Mikestrathdee’s Blog


Dealing with debt
January 21, 2011, 10:04 pm
Filed under: Debt | Tags:

Heard any sad debt stories lately? Chances are you know someone who is struggling financially as a

result of overspending, job loss or health issues.

The amount of debt owed by Canadians has been increasing at a staggering rate in recent years, and

shows no signs of slowing down.

Asked what will happen with their personal finances in the next six months,

about one person in five who answered a recent national Nanos poll said their debt will increase. Almost half said their debt load will stay the same, and only 30 per cent said it will decrease. Looming interest rate increases will change some of these situations from dangerous to desperate.

By the time people realize their situation is serious, and reach out to a friend, pastor or lay leader

at their church for help, the problem is often complex and not easily solved.

In many cases, the people who are asked to assist aren’t well equipped to do so. They are unaware of

the services offered by community counselling agencies, or the limits of same, let alone the hefty fees

charged by the rapidly growing for-profit debt counselling sector. They don’t know how to set

appropriate boundaries, such as insisting on full disclosure before agreeing to help someone in difficulty.

Nor do they usually understand the ins and outs of making a proposal to creditors, or the process and

consequences of declaring bankruptcy.

Lawyer Mark Silverthorn addresses many aspects of this information vacuum in his book “The Wolf at

the Door – What to Do When Collection Agencies Come Calling.’’ Silverthorn is well versed in what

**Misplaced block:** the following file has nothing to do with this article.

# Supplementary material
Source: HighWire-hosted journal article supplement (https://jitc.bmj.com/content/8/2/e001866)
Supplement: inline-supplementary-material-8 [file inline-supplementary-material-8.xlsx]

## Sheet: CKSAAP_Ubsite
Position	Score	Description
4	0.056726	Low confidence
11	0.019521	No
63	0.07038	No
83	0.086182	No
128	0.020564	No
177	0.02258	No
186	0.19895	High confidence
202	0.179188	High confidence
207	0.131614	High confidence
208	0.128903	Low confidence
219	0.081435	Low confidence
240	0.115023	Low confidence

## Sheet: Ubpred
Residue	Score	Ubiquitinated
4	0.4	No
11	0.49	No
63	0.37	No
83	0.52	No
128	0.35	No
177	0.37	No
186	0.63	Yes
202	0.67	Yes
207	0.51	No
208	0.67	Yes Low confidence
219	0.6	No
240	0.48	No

happens when people can’t or don’t pay their debts. He spent 12 years working for collection agencies,

and now has switched teams – helping consumers in their dealings with bill collectors.

Silverthorn’s book provides a useful overview of how different types of debts are collected, negotiated

downwards or written off, depending on circumstances and the passage of time.

He also explains how the “debt collection game” is played in Canada, chronicling instances of

commission-based collectors making illegal threats, false or misleading statements in an effort to

meet their quotas and keep their jobs.

Silverthorn provides timing tips – as with buying used cars, the best time to

negotiate with a collector is near the end of the month, especially in December. He also airs the dirty

laundry of a nasty, sometimes unethical industry that should face greater government oversight.

Three chapters are dedicated to ways of dealing with unprofessional bill collectors.

Silverthorn’s book would be a great addition to the toolkit of elders, deacons or anyone else who is

trying to help others figure out their options. Whether you want to give this book to someone who is in

debt is another question. Some of his suggestions, such as the chapter entitled “How to Avoid Paying

Your Outstanding Accounts” get into murky ethical waters, particularly for people

who believe the biblical admonition (Romans 13: 7-8) that we should repay others what we owe.

For more information, see Silverthorn’s website, http://www.helpwithcollectioncalls.ca

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